We’ve been closely following the work of Ocean Alliance for a while now. The marine conservation organization first came to our attention with its ingenious, drone-powered data gathering solution: SnotBot. Silly name, brilliant concept. SnotBot is essentially a modified drone that hovers above whales in the wild to collect valuable samples from their blows. Think of them as flying petri dishes.
In turn, these samples offer an insight into the health of individual whales, the oceans and the planet as a whole. Not to mention the way that they make gathering data easier and safer, both for researchers and the whales.
When we’ve reported on Ocean Alliance’s work in the past, it’s been for two reasons. First, it’s clearly one of the most unique applications of drone technology we’ve seen. Second, one of the industry’s biggest names, DJI, got involved and made a short film documenting the team’s work.
Over the summer, Ocean Alliance went a step further. Not satisfied with attracting the attention of one drone industry giant, its latest expedition was supported by another company with serious interests in the drone space, Intel.
As part of the Parley For The Oceans program, Ocean Alliance and Intel teamed up to collect and analyze whale data on a research expedition to Alaska. In tow was a team of marine mammal and oceanographic experts, a technology crew, photographers and filmmakers.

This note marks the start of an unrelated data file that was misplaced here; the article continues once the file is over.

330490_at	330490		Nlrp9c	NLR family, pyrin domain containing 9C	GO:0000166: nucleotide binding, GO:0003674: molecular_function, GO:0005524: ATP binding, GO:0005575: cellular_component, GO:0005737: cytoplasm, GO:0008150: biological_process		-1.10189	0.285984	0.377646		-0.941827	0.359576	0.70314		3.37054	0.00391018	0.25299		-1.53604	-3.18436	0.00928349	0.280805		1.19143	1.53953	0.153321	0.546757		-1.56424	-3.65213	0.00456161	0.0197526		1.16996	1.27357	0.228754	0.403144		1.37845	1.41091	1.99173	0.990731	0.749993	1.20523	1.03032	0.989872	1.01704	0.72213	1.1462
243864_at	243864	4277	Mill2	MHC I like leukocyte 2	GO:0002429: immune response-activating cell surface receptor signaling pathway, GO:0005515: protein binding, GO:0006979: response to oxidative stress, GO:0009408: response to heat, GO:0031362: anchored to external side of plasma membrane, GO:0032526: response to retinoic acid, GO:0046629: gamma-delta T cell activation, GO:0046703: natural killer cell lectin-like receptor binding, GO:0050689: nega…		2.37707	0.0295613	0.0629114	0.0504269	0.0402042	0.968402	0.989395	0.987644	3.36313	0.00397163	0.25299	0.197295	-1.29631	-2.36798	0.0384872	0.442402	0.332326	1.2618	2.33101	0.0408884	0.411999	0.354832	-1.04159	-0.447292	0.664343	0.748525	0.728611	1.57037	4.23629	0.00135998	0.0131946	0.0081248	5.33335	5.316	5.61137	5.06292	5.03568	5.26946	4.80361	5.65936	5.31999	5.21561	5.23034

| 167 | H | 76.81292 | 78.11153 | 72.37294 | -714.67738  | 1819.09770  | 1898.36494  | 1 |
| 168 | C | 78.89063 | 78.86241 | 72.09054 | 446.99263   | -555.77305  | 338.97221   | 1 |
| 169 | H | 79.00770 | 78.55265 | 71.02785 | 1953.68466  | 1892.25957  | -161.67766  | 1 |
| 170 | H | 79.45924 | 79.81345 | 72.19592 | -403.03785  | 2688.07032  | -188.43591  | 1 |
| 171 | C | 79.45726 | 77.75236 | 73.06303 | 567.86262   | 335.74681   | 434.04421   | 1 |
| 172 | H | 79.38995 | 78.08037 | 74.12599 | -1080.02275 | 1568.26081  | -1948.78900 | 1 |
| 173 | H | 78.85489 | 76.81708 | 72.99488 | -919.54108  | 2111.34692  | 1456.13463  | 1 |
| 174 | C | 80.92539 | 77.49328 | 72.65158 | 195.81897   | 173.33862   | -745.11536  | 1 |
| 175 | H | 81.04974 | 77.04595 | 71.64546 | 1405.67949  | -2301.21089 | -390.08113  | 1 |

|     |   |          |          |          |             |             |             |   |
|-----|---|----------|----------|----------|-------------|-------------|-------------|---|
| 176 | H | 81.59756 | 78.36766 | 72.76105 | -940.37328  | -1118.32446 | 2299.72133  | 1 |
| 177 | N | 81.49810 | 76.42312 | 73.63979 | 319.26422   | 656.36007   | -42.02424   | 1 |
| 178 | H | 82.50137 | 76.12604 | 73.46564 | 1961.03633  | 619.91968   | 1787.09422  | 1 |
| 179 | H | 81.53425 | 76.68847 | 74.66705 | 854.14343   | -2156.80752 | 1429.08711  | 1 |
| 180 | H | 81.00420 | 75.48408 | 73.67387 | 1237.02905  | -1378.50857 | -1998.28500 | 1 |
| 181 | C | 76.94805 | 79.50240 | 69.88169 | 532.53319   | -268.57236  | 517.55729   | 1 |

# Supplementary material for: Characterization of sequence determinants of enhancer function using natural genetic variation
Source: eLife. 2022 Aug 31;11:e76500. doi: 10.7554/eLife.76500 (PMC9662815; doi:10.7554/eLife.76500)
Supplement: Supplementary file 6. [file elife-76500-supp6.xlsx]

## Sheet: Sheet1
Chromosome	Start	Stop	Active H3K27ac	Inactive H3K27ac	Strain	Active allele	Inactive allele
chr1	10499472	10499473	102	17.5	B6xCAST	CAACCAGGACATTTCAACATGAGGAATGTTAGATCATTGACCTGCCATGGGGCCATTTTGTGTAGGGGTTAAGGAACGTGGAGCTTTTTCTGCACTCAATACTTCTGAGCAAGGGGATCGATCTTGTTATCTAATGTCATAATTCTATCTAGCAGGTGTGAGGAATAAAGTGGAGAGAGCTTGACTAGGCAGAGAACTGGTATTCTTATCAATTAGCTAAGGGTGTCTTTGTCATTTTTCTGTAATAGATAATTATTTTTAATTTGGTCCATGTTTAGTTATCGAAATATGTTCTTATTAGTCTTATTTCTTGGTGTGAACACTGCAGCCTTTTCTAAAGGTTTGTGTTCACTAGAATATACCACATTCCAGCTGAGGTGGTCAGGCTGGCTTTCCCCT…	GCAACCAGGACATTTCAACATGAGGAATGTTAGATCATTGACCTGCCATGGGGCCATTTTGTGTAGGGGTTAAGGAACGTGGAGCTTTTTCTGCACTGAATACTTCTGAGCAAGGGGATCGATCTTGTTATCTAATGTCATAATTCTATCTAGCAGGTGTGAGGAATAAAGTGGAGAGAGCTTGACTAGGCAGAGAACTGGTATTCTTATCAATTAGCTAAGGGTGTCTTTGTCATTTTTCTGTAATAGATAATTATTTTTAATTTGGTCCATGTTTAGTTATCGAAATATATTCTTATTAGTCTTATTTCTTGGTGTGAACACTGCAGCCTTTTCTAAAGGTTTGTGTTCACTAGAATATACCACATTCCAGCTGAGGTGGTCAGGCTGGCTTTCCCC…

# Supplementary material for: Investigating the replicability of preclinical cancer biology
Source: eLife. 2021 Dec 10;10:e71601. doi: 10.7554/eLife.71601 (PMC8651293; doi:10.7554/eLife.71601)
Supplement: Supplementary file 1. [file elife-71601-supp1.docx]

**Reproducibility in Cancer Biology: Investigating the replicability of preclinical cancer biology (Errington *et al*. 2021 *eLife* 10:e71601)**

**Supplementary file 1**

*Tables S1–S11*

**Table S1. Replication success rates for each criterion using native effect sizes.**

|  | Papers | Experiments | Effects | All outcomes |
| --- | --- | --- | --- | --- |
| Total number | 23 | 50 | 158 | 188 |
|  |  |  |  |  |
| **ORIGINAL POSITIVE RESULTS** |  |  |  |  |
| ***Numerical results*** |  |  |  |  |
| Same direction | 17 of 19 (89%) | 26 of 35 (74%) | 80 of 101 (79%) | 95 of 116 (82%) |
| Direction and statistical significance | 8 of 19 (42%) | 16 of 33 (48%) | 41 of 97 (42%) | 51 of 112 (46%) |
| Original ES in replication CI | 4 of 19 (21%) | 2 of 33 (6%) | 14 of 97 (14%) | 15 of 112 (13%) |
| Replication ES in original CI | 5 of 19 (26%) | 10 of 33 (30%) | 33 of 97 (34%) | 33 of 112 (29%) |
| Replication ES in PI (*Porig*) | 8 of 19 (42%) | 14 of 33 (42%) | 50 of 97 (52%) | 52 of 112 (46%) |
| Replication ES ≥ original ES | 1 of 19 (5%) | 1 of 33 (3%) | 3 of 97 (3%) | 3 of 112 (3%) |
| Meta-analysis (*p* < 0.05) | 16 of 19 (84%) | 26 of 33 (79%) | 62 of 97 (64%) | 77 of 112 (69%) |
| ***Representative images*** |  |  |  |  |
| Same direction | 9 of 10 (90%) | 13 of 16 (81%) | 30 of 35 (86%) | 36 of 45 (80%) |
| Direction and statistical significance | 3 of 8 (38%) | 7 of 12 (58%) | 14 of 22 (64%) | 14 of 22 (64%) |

Intel Hardware and Software Will Take SnotBot to the Next Level
Although Intel does develop drones for commercial purposes, the tech giant’s role in this expedition was more focussed on data analytics. The company used a machine learning platform to assess the images coming back from the drones in real time to identify whales and their health. At one point, they managed to identify an individual whale from a drone before the drone had even made it back to the boat.
And that speed is significant. Even though drones have revolutionized data collection for these marine biologists, very little of it is sorted through while the whales are still nearby. The analysis is done later, and it’s not the most exciting of tasks. Intel’s computing resources made it possible to do this quickly, despite factors that would usually make identification impossible, such as a whale’s unpredictable movements or limited visibility.
In a blog post, Intel has confirmed that it will support future expeditions and “help to advance the SnotBot program on several fronts, from drone technology and data collection to data analytics and artificial intelligence.”
Ocean Alliance’s effort to gather data in the field will be boosted in future by the use of Intel drones, such as the Falcon 8+, a commercial drone designed for robust environments precision flight.
Ocean Alliance Hits Research Milestones With The Help of Drones
During the Alaska expedition, Ocean Alliance and the SnotBot team also hit a few research milestones, including:
- A first attempt at using a DJI Zenmuse FLIR camera to record the blow and consequent body temperature of a whale.
- Successfully whale snot collections with both a DJI Inspire 2 and a Mavic Pro.
- Successful testing of EarBot, a drone that lands in the water near whales and records their vocalizations.
- The successful collection of snot from an orca. Yes, really.
We’re looking forward to hearing about what Ocean Alliance and the SnotBot drones get up to next.